PACS: 04.60.-m; 04.65.+e; 11.15.-q; 11.30.Ly

Our main goal in this work is to establish links between the (1+1)-matrix-brane system ^{1} (see also Ref. 2) with qubit theory (see Ref. 3 and references therein) and non-compact Hopf maps ^{4}. In such connections the (2+2)-signature plays a key role. It turns out that through the years the (2+2)-signature has become a very important notion in different scenarios of mathematics ^{5}^{-}^{6} (see also Refs. 7 and 8) and physics. In fact, the (2+2)-signature emerges in several physical context, including self-dual gravity *a la* Plebanski (see Ref. 9 and references therein), consistent N=2 superstring theory ^{10}-^{11}, N = (2,1)heterotic string ^{12}^{,}^{13}^{,}^{14}^{,}^{15}. Furthermore, it has been emphasized ^{16}^{-}^{17} that Majorana-Weyl spinors exist in a spacetime of (2+2)-signature. Using the requirement of the SL(2,R)-group and Lorentz symmetries it has been proved ^{18} that (2+2)-target spacetime of a 0-brane is an exceptional signature. Moreover, the (2+2)-signature arises following an alternative idea to the notion of ‘worldsheets for worldsheets’ ^{19} or the 0-branes condensation ^{20}. Another recent motivation for a physical interest in the (2+2)-signature has emerged via the discovery ^{21} of hidden symmetries of the Nambu-Goto action. In fact, in this case the Nambu-Goto action in a (2+2)-target spacetime can be written in terms of a hyperdeterminant, revealing apparently new hidden symmetries of such an action.

In this work, we shall explore possible links between the (1+1)-matrix-brane system with qubit theory and non-compact Hopf maps. We start by reviewing the relation between Refs. 1 and 21, concerning the (2+2)-signature. For this purpose we shall consider both the (1+1)-matrix-brane theory and the hyperdeterminant structure approach, focusing on the (2+2)-signature.

First, consider the line element

Here, we shall assume that the indices

one finds that (1) can be written as

where

it is not difficult to show that (1) can also be written as

Here,

It turns out that such equivalences at the level of the line elements (1), (3) and (5) can be transferred to the matrix

In fact, (6) can be written in the following two equivalent forms

and

So, by introducing the quantity

it is straightforward to verify that

can be written as

Here, the notation Det (*h*
_{ab}) means hyperdeterminant. Thus, one finds that the Nambu-Goto action

can also be written as

Actually, one has

Similarly, introducing the quantity

it is also straightforward to see that det(*h*
_{ab}), given in (10), can also be written as

This means that the Nambu-Goto action (12) is also equivalent to

This shows that in (2+2)-dimensions *S*, *S* and *S*^{21}. Presumably, the same conclusion can be said in the case of the action *S, S* and

In order to related the previous discussion with qubit theory and Hopf maps it is convenient to introduce the mathematical notion of 2 by 2 real matrices *M (2, R)*. It turns out that through the years the importance of *M (2,R)* has emerged in different scenarios of physics and mathematics, including Clifford algebras ^{22}^{-}^{23}, matroid theory ^{24}^{-}^{25} (see also Refs. 26 to 32 and references therein), string theory ^{33}, *2d* gravity ^{34}, 2t physics ^{35}, qubit theory (see Refs. 3 and references therein) among others. We argue that these connections may suggest that one may even consider the set M (2, R) as one of the underlaying structures of supersymmetry and M-theory ^{36}. This last observation is due in part to the fact that *M (2, R)* is linked to a 2-rank self-dual oriented matroid and to the fact that in both oriented matroid theory and M-theory the duality concept plays a fundamental role. Indeed, it has been proposed ^{27} that oriented matroid theory may be considered as the underlying mathematical framework for M-theory.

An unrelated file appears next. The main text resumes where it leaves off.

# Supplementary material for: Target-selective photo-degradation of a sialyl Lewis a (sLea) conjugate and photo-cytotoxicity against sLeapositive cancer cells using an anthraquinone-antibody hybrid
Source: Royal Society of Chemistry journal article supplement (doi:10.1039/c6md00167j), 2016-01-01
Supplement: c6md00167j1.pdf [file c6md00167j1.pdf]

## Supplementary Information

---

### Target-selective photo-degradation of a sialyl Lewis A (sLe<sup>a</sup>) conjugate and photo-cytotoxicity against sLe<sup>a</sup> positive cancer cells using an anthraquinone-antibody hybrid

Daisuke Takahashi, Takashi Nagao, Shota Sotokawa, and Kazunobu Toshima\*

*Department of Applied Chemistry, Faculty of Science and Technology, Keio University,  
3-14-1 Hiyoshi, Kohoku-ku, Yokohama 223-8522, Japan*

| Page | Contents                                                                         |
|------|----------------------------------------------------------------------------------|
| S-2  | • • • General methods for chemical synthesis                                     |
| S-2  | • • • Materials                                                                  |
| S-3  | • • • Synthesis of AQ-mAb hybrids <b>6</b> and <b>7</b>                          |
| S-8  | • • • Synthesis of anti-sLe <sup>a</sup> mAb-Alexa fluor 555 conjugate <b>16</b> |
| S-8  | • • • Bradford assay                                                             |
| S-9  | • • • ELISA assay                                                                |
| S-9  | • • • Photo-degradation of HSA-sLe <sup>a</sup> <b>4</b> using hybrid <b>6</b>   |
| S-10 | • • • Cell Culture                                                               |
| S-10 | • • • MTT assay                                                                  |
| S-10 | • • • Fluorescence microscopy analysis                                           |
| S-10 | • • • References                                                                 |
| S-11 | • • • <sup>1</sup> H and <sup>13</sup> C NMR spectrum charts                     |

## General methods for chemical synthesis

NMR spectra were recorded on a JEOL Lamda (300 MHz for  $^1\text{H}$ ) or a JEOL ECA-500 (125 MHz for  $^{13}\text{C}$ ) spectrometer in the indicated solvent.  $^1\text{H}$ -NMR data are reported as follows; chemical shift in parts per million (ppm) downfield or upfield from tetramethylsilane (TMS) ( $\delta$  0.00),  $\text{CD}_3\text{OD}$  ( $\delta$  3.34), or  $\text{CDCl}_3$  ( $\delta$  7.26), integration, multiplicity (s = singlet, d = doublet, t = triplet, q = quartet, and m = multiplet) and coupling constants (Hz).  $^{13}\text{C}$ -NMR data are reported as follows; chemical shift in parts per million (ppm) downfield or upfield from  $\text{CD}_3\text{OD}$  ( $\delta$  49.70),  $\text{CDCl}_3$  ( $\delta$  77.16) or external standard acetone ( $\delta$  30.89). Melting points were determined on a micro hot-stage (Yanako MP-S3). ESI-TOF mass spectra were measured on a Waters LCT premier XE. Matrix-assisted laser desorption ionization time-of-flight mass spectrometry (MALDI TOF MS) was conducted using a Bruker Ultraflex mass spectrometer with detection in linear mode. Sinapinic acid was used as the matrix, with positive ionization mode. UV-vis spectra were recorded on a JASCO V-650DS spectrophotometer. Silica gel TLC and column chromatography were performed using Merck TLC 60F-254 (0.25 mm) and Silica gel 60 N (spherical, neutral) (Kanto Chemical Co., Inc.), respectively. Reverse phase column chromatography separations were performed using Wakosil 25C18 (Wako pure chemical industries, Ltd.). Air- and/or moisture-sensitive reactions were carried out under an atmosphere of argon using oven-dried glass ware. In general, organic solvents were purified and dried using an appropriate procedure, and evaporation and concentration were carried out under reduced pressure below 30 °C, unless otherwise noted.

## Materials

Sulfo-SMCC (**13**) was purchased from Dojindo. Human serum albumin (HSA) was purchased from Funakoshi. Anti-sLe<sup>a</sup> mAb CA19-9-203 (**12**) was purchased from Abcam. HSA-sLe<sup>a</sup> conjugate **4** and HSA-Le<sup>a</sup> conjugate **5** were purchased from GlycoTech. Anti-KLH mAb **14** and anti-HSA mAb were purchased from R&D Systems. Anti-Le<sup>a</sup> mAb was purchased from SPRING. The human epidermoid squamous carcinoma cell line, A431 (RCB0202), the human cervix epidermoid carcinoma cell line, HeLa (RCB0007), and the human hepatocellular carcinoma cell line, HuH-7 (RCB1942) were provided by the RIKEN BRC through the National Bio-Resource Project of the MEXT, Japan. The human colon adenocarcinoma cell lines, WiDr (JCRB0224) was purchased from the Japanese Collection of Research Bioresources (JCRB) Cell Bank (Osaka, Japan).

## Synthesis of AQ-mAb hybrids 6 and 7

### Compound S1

Let us briefly recall some aspects of *M (2, R)*. It is not difficult to see that any matrix

in *M (2, R)* (with

Here, *x, y, r* and s are related to the real quantities *a, b, c* and *d* by

Our first observation is that a complex number

where *x* and *y* are real numbers and
^{37}^{-}^{38}

In this case, the product of two complex numbers corresponds to the usual matrix dot product. According to (18), this is equivalent to set *r* = 0 and *s* = 0. So, from these simply observations one may conclude that the complex structure is contained in *M (2,R)*. If instead, one sets *y* = 0 and *r* = 0 (or *s* = 0) in (18) one arrives to the so called split numbers ^{39} (or semicomplex numbers (among other alternative names)). These kind of numbers shall play and important role below. But before, we use split algebra let just mention the following. Traditionally, one can not set *x* = 0 and *y* = 0 because the dot product of

where the quantity

Denoting the matrices product with

Thus, one can show that all possible combinations of δ and ɛ with the dot product are equivalent to all possible combinations of ƞ and λ with the star product. Therefore, through the prescription

one discovers that the niet-complex algebra is isomorphic to the complex structure (see Ref. ^{40} for more details). On the other hand the split number differ from the complex numbers in a number of facts. First while in the complex numbers

It is worth mentioning the following observations. It is known that the fundamental matrices given in (18) not only form a basis for *M (2, R)* but also determine a basis for the Clifford algebras *C (2,0)* and *C (1,1)*. In fact one has the isomorphisms *C (0,2)* can be constructed using the fundamental matrices in (18) and Kronecker products. It turns out that *C (0,2)* is isomorphic to the quaternionic algebra *H*. Thus, it is proved that all the other *C (a, b)*´ s can be constructed from the basic building blocks C (2,0), C (1,1) and C (0,2) (see Ref. ^{41} and references therein).